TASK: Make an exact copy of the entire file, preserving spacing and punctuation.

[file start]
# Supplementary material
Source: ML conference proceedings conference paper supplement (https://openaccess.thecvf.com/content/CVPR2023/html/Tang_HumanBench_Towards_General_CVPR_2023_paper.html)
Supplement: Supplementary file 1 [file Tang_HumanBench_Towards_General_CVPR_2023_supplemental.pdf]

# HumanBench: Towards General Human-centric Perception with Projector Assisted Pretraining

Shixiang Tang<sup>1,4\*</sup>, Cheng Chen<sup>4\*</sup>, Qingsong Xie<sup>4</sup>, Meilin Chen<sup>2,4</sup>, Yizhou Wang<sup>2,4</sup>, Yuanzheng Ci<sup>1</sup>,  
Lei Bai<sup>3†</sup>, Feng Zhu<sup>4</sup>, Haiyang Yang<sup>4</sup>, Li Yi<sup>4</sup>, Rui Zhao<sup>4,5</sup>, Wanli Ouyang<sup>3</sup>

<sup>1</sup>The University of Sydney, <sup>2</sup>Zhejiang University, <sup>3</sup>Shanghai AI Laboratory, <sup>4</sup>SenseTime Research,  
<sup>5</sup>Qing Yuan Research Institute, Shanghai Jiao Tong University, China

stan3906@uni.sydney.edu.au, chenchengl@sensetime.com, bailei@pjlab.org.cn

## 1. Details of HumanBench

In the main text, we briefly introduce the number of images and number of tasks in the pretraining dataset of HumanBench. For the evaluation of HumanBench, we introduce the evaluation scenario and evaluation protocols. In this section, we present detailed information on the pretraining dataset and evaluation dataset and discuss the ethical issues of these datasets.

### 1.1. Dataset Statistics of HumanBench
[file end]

# Supplementary material
Source: ML conference proceedings conference paper supplement (https://openaccess.thecvf.com/content/CVPR2023/html/Tang_HumanBench_Towards_General_CVPR_2023_paper.html)
Supplement: Supplementary file 1 [file Tang_HumanBench_Towards_General_CVPR_2023_supplemental.pdf]

# HumanBench: Towards General Human-centric Perception with Projector Assisted Pretraining

Shixiang Tang<sup>1,4\*</sup>, Cheng Chen<sup>4\*</sup>, Qingsong Xie<sup>4</sup>, Meilin Chen<sup>2,4</sup>, Yizhou Wang<sup>2,4</sup>, Yuanzheng Ci<sup>1</sup>,  
Lei Bai<sup>3†</sup>, Feng Zhu<sup>4</sup>, Haiyang Yang<sup>4</sup>, Li Yi<sup>4</sup>, Rui Zhao<sup>4,5</sup>, Wanli Ouyang<sup>3</sup>

<sup>1</sup>The University of Sydney, <sup>2</sup>Zhejiang University, <sup>3</sup>Shanghai AI Laboratory, <sup>4</sup>SenseTime Research,  
<sup>5</sup>Qing Yuan Research Institute, Shanghai Jiao Tong University, China

stan3906@uni.sydney.edu.au, chenchengl@sensetime.com, bailei@pjlab.org.cn

## 1. Details of HumanBench

In the main text, we briefly introduce the number of images and number of tasks in the pretraining dataset of HumanBench. For the evaluation of HumanBench, we introduce the evaluation scenario and evaluation protocols. In this section, we present detailed information on the pretraining dataset and evaluation dataset and discuss the ethical issues of these datasets.

### 1.1. Dataset Statistics of HumanBench